Turner to Monet
Constable, one of the foremost British landscape painters of the nineteenth century, first achieved success with his large canvases depicting landscape and life in and around the Stour Valley, which he exhibited between 1819 and 1825. Such was the success of the first of these large paintings, The white horse 1819,1 when Constable exhibited it at the Royal Academy in 1819, that he was elected Associate of the Academy later that year.2 Working on a scale usually reserved for history painting, Constable redefined the notion of a ‘finished’ picture by giving his large landscapes something of the spontaneous freedom and expressive handling of a rapidly painted sketch.
The leaping horse is the sixth and the last of these large Stour Valley landscapes and one of the most powerful. Constable chose a place called Float Jump, close to where the course of the old river temporarily left the navigable portion of the Stour. It also marked the boundary between the counties of Essex and Suffolk. The jump itself consisted of a wooden barrier a metre high, constructed across the tow path. Built to stop cattle straying, it was low enough to allow barge horses to leap over it. Constable chose the moment when the horse, mounted by a boy, was leaping the barrier, which gave vigour to the scene. He depicted it from a low viewpoint to give the horse and rider a dramatic presence.
Constable’s principal concern was not, however, with the specifics of the location but rather capturing the atmosphere of place and the general feelings associated with experiencing nature. He sought to present nature as something mutable, not fixed. ‘It is a lovely subject,’ Constable said of The leaping horse, ‘lively – & soothing – calm and exhilarating, fresh – & blowing’.3 He wanted his landscapes to create a total experience, including a sense of movement and sound as well as what can be directly observed. In this painting he wanted to convey the feel of the wind, the shimmering of light, the sense of being outdoors. And he extended the experience of the landscape by depicting a moorhen startled from her nest by the thundering of the horse’s hoofs.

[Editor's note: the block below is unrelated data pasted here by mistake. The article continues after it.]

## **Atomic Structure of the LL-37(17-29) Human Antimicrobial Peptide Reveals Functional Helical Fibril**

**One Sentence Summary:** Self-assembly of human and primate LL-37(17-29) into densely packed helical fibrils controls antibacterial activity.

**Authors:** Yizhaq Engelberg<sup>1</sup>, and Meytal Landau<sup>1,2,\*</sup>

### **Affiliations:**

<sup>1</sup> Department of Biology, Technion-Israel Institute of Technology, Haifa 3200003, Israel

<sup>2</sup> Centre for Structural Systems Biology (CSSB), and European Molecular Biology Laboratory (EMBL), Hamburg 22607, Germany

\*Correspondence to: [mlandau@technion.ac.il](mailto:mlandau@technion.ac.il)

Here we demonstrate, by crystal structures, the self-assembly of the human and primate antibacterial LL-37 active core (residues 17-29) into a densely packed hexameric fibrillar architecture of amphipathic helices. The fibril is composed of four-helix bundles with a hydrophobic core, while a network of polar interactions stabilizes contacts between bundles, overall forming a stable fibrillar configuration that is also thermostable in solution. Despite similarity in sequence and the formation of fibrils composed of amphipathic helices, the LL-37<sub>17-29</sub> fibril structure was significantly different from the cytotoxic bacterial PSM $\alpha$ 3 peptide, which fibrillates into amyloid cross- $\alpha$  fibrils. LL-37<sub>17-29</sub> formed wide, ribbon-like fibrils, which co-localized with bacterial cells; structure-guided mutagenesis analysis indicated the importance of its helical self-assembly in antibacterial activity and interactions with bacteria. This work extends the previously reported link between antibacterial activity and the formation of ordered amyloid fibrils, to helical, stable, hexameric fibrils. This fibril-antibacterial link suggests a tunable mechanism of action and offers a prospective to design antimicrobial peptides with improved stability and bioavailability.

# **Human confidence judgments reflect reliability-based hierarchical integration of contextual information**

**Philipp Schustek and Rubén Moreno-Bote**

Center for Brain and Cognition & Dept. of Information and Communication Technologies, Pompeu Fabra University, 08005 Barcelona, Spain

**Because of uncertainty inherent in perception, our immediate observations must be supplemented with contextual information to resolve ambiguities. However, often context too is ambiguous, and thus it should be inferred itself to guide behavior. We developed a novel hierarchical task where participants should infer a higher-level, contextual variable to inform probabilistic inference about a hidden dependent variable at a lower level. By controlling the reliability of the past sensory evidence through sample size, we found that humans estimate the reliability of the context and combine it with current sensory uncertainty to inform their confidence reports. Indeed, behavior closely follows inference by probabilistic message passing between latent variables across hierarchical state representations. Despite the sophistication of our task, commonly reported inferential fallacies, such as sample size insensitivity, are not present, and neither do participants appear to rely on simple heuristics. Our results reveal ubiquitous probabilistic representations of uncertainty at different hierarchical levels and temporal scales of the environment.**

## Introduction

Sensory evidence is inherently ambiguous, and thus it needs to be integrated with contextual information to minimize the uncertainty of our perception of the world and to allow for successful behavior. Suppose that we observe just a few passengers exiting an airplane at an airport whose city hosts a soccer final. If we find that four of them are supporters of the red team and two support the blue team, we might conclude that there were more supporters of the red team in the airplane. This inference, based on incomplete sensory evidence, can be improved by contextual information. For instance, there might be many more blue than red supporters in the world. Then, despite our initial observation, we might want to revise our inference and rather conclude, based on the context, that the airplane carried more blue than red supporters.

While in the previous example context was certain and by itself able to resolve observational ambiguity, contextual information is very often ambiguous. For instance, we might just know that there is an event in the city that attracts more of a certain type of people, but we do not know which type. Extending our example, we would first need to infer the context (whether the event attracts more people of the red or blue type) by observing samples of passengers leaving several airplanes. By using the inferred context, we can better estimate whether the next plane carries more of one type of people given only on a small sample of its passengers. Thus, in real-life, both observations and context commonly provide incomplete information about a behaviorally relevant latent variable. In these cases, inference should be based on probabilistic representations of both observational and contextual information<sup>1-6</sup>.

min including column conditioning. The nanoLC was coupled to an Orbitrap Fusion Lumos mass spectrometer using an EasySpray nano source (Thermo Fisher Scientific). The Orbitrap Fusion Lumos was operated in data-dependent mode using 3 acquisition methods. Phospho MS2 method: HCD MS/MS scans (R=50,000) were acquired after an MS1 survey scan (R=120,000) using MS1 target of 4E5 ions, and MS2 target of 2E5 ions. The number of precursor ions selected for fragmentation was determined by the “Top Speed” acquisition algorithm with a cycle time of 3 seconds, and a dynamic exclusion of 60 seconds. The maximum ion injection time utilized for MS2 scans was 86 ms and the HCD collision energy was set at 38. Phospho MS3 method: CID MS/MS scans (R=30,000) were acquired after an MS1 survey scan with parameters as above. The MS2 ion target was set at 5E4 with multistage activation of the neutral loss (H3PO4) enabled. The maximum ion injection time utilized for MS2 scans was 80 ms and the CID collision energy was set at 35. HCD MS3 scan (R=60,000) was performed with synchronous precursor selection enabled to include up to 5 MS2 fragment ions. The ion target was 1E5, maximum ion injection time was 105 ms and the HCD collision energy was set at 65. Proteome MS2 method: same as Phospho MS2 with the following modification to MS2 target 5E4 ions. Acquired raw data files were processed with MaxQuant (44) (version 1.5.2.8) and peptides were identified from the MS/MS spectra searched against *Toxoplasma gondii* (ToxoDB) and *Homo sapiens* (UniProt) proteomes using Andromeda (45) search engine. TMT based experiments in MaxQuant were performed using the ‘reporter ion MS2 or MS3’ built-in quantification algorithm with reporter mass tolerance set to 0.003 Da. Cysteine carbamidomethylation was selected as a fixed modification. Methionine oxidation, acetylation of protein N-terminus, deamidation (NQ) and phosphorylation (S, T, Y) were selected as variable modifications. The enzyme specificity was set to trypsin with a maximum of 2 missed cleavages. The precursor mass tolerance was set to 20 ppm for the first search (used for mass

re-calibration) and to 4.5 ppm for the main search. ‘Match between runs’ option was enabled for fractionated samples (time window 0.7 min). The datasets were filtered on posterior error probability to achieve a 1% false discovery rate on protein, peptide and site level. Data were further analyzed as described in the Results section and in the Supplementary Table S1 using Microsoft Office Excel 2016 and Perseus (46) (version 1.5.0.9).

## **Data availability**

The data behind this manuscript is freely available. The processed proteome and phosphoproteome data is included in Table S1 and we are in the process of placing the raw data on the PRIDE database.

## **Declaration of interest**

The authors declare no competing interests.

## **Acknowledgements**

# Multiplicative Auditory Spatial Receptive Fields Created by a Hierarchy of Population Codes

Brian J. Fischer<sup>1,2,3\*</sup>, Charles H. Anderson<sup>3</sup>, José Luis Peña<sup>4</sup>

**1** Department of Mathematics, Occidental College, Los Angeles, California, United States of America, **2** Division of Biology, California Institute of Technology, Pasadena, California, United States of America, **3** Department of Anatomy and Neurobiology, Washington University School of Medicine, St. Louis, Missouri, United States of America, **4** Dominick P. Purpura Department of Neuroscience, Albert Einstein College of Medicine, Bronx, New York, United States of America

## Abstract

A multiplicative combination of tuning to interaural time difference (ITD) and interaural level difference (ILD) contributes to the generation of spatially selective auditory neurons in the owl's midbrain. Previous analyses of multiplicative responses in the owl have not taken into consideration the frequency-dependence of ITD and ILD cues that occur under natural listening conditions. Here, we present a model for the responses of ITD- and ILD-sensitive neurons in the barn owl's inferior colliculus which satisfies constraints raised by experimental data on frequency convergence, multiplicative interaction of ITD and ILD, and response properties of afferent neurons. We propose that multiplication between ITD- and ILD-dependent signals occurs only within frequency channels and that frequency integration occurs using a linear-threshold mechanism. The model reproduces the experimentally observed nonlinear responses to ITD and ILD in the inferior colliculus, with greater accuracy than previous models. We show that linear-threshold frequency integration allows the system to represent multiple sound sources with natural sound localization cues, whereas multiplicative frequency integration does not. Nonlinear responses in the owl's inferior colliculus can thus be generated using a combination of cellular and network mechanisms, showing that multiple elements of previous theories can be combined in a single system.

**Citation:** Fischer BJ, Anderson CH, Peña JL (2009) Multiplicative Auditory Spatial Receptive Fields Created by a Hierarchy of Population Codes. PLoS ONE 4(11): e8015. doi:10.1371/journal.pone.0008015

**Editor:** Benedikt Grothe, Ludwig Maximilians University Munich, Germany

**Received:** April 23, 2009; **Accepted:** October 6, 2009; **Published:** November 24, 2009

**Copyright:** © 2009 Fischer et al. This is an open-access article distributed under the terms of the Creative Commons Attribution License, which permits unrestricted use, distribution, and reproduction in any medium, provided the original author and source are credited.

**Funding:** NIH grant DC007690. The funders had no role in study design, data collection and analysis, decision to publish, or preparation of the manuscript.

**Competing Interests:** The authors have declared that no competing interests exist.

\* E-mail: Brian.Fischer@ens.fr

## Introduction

Constable’s handling of paint is expressionist and almost abstract. He used palette knife as well as brush, with which he created a visual impression of flickering lights and shadows. The light rises as if the sun is coming out and the storm clouds are blowing away. It sparkles on the trees on the left and gives the pollarded tree in the centre a silvery look.
Constable also carried through his interest in ‘skying’ into all his large landscapes. In saying the sky was the ‘chief organ of sentiment’ in a painting, he emphasised his belief in the expressive importance of the sky, and its ability to dictate the mood of a landscape.4 His skies are a vital part of his compositions and a main conveyor of mood, as in The leaping horse. They transform comfortable, stable scenes into ones of continual change and transition.
1 The Frick Collection, New York.
2 Constable described this work as ‘a placid representation of a serene grey morning, summer’, Graham Reynolds, The later paintings and drawings of John Constable: text, New Haven & London: Yale University Press, 1984, p. 156.
3 R.B. Beckett, John Constable’s correspondence VI Ipswich: Suffolk Records Society, 1968, p. 198.
4 Beckett, p. 77.